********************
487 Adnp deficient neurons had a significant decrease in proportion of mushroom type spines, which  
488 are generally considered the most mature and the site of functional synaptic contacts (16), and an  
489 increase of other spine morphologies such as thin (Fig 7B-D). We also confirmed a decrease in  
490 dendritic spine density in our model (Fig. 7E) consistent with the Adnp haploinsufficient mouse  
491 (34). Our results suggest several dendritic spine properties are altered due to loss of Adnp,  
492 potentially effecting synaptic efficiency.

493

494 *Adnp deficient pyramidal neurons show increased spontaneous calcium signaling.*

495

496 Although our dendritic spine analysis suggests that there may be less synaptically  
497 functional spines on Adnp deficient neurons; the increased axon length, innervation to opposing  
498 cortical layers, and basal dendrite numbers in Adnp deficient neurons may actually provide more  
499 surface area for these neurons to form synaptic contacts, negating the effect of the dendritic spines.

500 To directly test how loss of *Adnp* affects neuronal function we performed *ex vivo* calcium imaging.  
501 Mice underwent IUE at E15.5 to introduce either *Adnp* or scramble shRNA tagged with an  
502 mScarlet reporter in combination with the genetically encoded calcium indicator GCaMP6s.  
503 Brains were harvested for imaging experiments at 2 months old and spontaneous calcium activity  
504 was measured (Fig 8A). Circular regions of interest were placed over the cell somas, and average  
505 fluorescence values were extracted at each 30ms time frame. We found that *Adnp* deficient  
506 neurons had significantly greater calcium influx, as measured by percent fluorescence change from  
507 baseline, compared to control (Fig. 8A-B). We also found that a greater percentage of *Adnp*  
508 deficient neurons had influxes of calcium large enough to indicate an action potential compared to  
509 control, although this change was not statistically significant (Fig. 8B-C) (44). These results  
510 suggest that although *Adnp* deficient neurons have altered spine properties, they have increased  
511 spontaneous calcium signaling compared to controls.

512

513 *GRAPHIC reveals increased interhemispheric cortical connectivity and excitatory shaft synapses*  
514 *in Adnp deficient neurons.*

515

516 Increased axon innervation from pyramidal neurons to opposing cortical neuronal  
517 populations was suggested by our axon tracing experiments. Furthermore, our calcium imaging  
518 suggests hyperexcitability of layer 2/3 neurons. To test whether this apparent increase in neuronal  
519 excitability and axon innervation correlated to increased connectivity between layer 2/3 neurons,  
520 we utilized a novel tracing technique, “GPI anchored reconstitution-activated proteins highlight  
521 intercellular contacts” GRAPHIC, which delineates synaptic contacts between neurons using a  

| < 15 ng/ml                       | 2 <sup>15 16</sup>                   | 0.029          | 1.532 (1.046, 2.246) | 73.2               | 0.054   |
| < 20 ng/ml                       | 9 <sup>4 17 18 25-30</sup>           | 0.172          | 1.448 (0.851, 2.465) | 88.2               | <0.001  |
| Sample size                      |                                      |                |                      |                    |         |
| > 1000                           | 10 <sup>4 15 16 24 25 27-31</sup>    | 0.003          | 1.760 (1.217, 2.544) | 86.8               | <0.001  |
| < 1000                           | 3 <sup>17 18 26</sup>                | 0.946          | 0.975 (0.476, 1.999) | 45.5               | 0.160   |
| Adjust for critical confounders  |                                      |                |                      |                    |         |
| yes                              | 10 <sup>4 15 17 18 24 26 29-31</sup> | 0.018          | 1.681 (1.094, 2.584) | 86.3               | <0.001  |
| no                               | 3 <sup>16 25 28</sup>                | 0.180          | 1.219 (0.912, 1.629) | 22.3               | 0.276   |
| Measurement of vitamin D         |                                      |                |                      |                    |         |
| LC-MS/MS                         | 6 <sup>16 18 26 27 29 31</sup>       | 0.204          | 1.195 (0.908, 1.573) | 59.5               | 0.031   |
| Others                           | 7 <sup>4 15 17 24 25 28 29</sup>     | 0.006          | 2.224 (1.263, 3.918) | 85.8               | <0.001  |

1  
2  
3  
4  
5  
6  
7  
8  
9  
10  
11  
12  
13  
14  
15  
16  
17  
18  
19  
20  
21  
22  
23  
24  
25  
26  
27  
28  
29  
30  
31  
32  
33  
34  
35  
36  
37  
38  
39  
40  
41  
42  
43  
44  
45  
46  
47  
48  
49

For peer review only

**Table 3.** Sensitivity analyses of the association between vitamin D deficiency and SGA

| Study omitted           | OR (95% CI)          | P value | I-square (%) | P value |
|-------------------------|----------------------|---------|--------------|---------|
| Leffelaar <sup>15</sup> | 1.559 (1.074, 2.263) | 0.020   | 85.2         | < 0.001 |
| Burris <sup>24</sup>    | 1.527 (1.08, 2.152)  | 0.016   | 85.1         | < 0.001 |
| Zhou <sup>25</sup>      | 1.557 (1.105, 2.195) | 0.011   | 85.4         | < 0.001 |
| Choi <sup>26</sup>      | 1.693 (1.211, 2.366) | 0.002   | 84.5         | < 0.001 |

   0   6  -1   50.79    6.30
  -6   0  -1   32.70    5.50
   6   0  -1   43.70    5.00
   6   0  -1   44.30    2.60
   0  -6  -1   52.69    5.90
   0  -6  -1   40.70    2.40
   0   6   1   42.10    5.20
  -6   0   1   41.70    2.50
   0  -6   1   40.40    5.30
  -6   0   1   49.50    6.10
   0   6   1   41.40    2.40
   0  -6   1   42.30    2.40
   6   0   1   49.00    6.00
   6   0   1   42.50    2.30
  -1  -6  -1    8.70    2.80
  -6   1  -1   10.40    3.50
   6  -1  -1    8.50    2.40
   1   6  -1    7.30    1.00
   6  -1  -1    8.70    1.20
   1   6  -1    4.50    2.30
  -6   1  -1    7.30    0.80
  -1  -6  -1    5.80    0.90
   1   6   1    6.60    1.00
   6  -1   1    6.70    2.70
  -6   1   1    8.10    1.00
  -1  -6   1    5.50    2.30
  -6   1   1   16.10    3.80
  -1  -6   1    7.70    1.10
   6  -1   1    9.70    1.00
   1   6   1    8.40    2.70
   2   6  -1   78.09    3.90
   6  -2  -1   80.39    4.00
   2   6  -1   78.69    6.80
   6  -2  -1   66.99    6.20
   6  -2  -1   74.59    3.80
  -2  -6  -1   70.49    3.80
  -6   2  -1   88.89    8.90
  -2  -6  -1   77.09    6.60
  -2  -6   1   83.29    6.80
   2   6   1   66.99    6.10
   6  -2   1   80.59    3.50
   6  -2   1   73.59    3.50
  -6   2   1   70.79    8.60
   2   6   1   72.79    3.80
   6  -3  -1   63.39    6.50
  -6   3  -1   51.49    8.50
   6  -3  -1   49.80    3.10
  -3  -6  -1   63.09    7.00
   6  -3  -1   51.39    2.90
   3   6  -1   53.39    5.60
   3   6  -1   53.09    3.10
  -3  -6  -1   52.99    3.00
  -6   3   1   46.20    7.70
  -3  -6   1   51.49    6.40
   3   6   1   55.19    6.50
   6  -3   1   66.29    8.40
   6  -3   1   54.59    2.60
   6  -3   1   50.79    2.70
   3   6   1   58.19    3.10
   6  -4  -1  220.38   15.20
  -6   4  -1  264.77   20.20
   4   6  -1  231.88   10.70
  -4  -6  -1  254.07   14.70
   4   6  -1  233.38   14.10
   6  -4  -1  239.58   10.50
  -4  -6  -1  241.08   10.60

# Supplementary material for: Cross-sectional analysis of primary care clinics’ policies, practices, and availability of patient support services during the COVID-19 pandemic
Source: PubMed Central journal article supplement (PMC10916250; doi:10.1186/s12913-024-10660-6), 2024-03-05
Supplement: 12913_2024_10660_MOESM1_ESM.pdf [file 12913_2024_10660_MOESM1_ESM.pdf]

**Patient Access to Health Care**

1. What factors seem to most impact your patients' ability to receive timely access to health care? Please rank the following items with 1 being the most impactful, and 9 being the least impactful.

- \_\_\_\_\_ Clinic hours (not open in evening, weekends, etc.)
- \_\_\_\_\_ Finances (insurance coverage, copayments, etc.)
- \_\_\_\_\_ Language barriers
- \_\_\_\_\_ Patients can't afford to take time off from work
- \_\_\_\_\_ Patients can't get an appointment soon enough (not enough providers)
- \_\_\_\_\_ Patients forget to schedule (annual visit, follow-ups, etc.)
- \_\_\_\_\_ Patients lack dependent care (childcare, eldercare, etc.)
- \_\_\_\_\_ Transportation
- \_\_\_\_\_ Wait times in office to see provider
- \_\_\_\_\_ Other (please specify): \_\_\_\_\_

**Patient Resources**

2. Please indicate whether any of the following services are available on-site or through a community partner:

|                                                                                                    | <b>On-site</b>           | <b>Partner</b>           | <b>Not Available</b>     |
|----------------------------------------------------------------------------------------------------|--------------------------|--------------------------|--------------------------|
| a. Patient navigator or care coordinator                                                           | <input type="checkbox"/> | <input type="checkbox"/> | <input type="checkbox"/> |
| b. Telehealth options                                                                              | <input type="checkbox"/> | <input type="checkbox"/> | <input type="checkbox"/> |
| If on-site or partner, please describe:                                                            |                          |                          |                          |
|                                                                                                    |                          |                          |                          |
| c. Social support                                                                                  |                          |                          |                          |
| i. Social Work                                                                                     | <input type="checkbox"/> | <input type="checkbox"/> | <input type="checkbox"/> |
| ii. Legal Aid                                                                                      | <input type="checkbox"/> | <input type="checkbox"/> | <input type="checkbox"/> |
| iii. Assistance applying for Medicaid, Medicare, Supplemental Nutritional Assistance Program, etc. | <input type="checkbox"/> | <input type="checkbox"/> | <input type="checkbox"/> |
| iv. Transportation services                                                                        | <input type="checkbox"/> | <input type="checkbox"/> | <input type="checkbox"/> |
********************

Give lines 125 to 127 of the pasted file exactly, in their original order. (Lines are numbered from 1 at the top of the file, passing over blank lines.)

  -1  -6  -1    5.80    0.90
   1   6   1    6.60    1.00
   6  -1   1    6.70    2.70